Schools and academies are arguably the basic building block of our economy with the aim of turning out well prepared young people for the world of work. Getting their future right is the key to securing a strong post-Brexit economic future for businesses. Yet many education institutions are in desperate need of financial support to ease the pressures of a teaching recruitment crisis and rising wage costs.
The Government wants schools and academies to up their game and keep striving to be ‘outstanding’ or at least ‘good’.
However, Government plans for more multi-academy trusts (MATs), for example, come at a price – a bill which the sector should not be left to pay alone from existing resources. Creating more MATs makes a lot of sense, particularly for pooling staff, which can help reduce pressures of cover when illness strikes or staff leave. But any advantage will only work if there is a big enough pool of available teachers in the first place. Ensuring the right staff capacity is always a challenge when restructuring any business. Equally, schools need the best structure to improve or maintain the education they provide but this comes at a growing price, thanks to increasing pay levels and rising National Insurance contributions and not enough available talent.
Financing our future
Schools and academies are having to offer generous packages to retain and keep their best, and the lack of top teachers means ever-increasing pay demands. Add the National Minimum Wage increase to £7.50 per hour from April 2017 and the alignment of the thresholds of employer and employee National Insurance Contributions, which will increase the cost to employers of each employee by a maximum of £7.18 per year, and this sees a further ‘hit’ to school budgets. Somewhat ironically, from April 2017 a new employment tax arises called the Apprenticeship Levy. This levy is set at 0.5% of a school’s payroll bill where it is over £3m.
But what of pensions? There is already speculation that teachers’ pension contributions are going to increase yet again; and with increases in Local Government Pension Scheme (LGPS) deficits we may see these contributions rise further still from April 2017.
An additional blow to schools is that Insurance Premium Tax will increase to 12% from 1st June 2017, which will mean a direct increase to insurance costs for schools and those academies that have not yet opted into the Risk Protection Arrangement (RPA) scheme. It should be noted that the RPA does not provide a fully comprehensive level of cover and an additional insurance cover ‘top-up’ may still be required, in which case a further cost will be incurred, with the increased premium.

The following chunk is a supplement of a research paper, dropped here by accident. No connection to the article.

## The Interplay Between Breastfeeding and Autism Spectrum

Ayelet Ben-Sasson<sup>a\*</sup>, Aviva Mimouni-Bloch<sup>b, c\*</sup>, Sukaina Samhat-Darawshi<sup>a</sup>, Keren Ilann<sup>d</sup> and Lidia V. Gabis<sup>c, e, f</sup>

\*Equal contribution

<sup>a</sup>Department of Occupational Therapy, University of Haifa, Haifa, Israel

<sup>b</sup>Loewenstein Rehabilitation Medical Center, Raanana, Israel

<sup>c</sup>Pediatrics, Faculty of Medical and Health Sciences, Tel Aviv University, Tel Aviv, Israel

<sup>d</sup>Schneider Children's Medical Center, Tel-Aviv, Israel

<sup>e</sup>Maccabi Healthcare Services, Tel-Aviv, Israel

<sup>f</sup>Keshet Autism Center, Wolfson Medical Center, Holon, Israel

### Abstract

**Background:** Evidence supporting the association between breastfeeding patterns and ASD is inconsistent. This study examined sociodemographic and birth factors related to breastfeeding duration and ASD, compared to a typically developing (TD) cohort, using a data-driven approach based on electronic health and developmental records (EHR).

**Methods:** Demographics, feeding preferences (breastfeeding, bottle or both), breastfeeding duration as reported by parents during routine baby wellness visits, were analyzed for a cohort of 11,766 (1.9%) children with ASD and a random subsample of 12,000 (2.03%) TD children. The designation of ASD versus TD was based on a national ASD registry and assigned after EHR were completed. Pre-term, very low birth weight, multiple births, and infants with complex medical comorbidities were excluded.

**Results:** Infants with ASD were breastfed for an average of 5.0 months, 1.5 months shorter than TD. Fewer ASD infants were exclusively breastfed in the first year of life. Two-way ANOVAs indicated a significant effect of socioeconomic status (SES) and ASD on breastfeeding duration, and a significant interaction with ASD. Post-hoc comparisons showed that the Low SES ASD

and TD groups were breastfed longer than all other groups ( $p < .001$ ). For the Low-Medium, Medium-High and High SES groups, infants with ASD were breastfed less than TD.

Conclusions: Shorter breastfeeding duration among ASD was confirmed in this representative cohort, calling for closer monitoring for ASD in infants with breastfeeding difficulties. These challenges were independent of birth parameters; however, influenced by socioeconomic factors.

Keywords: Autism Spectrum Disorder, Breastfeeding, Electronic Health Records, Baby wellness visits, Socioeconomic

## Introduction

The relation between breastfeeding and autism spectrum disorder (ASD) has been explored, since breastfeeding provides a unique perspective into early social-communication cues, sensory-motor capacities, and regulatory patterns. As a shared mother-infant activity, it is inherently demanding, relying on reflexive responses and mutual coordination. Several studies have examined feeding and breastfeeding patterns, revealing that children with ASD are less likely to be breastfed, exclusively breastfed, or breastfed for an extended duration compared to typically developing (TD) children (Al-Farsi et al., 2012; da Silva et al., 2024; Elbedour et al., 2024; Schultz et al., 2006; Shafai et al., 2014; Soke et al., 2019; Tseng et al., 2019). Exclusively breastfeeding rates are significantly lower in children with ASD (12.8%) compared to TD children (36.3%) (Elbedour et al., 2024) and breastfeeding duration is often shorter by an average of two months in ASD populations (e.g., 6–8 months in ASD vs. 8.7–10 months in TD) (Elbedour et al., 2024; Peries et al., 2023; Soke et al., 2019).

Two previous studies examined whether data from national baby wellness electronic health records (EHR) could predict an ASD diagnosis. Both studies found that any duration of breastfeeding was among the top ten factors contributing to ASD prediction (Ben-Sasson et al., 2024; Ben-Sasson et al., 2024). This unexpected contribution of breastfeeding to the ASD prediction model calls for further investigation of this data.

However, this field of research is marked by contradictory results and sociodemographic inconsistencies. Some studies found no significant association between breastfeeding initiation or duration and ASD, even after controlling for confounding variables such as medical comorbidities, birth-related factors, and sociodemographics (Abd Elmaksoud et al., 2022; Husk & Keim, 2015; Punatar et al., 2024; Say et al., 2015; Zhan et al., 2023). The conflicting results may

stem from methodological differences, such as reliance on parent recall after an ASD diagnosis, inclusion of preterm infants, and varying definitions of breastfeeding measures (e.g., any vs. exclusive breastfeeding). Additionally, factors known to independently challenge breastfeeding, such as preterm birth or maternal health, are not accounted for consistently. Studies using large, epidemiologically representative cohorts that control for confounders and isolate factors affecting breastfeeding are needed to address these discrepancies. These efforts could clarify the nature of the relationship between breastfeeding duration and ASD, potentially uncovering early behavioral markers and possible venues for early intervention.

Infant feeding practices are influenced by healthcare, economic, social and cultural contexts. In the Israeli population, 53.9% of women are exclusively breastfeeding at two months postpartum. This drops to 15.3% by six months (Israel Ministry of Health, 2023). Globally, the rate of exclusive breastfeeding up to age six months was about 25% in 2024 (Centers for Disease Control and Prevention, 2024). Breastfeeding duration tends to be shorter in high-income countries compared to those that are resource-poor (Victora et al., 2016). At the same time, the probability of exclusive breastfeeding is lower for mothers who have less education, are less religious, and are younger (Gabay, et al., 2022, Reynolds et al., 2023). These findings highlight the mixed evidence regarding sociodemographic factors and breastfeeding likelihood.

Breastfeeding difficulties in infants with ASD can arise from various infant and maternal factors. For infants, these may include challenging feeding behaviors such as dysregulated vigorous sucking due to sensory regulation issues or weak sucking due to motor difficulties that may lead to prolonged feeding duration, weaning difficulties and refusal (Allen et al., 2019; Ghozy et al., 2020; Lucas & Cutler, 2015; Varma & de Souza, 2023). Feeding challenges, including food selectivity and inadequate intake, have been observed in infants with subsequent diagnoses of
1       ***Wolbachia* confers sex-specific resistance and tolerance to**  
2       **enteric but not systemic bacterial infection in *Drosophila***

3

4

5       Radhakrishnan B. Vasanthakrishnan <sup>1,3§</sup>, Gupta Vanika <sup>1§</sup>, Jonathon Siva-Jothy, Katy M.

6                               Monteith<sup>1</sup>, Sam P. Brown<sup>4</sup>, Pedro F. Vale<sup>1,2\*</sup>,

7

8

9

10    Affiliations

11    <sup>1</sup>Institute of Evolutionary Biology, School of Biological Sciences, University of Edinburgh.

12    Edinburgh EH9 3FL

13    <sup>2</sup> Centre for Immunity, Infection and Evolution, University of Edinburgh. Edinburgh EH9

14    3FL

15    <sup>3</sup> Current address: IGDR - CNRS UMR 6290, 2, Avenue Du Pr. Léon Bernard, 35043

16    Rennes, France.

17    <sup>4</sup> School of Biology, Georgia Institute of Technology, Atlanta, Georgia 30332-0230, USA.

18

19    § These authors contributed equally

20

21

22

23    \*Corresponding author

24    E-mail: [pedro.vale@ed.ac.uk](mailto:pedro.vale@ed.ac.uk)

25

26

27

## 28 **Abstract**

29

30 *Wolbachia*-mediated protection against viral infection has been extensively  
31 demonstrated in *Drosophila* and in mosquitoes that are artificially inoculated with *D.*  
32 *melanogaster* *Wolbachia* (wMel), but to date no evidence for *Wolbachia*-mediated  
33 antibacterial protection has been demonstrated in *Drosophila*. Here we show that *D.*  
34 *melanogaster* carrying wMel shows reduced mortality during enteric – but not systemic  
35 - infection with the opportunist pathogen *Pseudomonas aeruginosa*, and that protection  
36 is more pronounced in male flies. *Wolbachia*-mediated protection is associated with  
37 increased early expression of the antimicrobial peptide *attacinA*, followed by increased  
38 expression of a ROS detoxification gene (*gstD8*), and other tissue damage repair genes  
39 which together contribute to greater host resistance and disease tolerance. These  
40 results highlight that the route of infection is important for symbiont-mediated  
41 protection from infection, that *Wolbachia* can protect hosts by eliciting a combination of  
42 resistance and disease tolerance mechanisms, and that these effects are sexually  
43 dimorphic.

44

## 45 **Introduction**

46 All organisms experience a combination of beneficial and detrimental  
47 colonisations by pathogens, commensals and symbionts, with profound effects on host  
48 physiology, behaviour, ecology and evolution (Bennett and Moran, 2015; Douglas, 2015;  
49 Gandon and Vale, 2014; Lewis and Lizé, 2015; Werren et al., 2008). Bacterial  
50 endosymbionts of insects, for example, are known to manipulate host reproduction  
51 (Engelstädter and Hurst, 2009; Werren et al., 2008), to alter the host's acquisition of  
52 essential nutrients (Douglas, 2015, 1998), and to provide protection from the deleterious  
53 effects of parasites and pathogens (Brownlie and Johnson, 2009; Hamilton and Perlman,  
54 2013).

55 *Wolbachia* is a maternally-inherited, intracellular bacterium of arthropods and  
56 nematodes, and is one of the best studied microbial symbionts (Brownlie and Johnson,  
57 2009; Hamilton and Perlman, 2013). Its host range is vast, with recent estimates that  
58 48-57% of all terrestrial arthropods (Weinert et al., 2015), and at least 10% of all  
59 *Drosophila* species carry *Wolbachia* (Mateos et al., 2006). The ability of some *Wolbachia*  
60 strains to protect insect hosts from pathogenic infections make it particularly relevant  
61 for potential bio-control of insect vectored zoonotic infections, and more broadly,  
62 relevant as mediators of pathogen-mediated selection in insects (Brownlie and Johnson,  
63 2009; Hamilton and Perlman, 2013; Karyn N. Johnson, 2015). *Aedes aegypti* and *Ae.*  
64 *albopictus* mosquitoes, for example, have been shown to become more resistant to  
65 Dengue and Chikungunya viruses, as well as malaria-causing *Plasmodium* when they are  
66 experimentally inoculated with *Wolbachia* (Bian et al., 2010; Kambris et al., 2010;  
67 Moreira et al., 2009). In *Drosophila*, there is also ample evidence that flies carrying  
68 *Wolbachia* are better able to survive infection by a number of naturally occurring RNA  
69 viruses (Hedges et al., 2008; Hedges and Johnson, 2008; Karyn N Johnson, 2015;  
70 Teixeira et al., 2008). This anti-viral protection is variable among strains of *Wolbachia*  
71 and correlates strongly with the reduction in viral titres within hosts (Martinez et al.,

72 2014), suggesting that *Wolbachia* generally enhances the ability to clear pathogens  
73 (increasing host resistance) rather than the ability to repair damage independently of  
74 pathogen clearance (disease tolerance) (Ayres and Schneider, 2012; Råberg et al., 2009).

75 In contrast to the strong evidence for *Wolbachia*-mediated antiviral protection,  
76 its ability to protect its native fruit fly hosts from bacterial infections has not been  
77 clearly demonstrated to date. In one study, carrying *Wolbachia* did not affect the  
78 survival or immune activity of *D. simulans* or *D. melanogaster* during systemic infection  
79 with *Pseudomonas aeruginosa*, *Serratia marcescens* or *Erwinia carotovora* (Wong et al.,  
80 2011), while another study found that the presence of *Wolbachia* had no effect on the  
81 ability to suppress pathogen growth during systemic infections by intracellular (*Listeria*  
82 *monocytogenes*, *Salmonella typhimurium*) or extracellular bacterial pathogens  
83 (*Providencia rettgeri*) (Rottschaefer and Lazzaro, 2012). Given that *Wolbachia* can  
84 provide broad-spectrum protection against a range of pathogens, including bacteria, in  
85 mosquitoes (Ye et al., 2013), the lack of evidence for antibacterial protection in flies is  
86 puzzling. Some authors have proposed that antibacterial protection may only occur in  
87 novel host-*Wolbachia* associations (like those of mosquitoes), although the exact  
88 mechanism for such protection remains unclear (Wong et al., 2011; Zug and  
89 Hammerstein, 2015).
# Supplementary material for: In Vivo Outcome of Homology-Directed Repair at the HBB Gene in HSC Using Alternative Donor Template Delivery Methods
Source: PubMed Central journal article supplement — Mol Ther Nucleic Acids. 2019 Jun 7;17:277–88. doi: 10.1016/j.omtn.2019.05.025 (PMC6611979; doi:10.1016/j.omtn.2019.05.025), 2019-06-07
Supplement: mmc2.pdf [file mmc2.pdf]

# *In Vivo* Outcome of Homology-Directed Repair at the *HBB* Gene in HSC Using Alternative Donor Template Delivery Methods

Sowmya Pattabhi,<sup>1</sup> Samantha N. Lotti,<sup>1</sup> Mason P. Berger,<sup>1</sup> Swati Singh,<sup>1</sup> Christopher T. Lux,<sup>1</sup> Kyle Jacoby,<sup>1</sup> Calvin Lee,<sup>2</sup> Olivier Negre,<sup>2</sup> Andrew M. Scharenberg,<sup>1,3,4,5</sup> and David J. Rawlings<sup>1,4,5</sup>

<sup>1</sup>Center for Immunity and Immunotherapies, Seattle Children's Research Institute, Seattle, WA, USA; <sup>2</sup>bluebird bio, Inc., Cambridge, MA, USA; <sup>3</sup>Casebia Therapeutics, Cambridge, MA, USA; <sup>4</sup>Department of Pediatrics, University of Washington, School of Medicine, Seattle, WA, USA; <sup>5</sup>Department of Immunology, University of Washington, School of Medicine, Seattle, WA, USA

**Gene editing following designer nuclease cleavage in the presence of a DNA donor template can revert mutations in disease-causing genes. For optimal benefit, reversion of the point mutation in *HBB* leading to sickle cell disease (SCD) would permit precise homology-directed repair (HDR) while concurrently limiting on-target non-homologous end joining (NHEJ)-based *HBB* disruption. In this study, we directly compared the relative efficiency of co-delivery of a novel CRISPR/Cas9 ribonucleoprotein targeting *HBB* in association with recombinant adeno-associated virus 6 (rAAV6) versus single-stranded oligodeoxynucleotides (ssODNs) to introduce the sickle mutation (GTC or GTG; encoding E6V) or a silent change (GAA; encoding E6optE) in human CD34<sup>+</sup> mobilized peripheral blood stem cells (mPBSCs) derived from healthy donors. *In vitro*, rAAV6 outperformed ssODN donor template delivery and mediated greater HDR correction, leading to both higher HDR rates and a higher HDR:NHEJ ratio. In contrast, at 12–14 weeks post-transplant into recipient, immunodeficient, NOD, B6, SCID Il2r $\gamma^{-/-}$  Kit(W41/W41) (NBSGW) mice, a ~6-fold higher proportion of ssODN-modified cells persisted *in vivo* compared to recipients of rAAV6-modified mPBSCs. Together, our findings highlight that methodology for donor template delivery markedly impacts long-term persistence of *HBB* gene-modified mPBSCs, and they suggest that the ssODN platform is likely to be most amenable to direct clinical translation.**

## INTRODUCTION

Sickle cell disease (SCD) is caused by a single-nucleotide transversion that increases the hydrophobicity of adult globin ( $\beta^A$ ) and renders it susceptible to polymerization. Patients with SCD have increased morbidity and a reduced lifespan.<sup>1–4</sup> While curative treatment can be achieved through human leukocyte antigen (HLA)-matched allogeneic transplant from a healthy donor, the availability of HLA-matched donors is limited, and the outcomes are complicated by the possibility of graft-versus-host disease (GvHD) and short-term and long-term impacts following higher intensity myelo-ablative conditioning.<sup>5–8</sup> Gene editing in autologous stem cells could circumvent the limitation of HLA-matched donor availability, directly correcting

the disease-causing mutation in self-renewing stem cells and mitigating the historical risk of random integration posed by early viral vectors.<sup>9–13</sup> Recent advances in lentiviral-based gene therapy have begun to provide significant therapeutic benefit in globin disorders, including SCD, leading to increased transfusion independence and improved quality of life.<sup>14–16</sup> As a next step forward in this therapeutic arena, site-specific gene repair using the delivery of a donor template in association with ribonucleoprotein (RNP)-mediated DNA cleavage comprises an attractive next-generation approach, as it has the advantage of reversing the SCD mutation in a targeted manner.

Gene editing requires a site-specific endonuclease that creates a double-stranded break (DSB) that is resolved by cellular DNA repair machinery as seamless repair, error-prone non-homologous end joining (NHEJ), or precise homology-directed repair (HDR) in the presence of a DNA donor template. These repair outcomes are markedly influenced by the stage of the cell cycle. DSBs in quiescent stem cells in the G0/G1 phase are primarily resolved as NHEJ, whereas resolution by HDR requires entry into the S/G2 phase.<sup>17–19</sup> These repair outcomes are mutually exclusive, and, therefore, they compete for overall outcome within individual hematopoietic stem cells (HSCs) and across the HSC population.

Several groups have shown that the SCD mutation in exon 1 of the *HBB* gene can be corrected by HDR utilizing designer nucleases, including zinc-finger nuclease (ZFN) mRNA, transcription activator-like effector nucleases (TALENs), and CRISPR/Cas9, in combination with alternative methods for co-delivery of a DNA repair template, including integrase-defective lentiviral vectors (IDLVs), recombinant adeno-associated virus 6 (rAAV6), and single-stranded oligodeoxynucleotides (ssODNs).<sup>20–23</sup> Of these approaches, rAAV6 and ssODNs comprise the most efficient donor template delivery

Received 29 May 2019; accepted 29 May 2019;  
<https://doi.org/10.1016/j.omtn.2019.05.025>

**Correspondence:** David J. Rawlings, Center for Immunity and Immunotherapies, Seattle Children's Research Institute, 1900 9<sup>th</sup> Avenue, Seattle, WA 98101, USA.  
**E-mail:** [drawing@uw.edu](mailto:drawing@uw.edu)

Schools and academies cannot be expected to fund ballooning pension costs, increasing salary bills and rising education needs. Any political inertia on the former could have severe consequences – schools painted into a corner and forced to cut staff numbers just to pay pension contributions. One potential solution is for the Government to make a significant contribution to the LGPS scheme themselves in order to help reduce the deficit, and the burden on schools.
As expected in the Autumn Statement, the Government confirmed its commitment to encourage grammar school expansion, as set out in the ‘Schools that Work for Everyone’ document. This will be provided via the provision of £50m of new capital funding from 2017-18 for those wishing to expand. However, many question whether the expansion of grammar schools is what the sector needs – and whether it solves the basic problems facing schools currently trying to stay in operation. The Chancellor also declared £1bn of additional funding to be allocated for departmental spending, but it is uncertain whether this will be given to the Department for Education or even passed on to schools. Schools and academies are a huge part of the country’s current and future infrastructure and their products are every bit as vital to the economy as tax-paying businesses.
They form our communities and our future expectations, so a strategic perspective to investment is needed. Let’s hope this important sector will form a key part of the Government Brexit considerations.
For advice and further information about how schools and academies could structure their finances, please contact Sarah Ediss, Partner at Kreston Reeves by phoning 01403 253282 or emailing email@example.com
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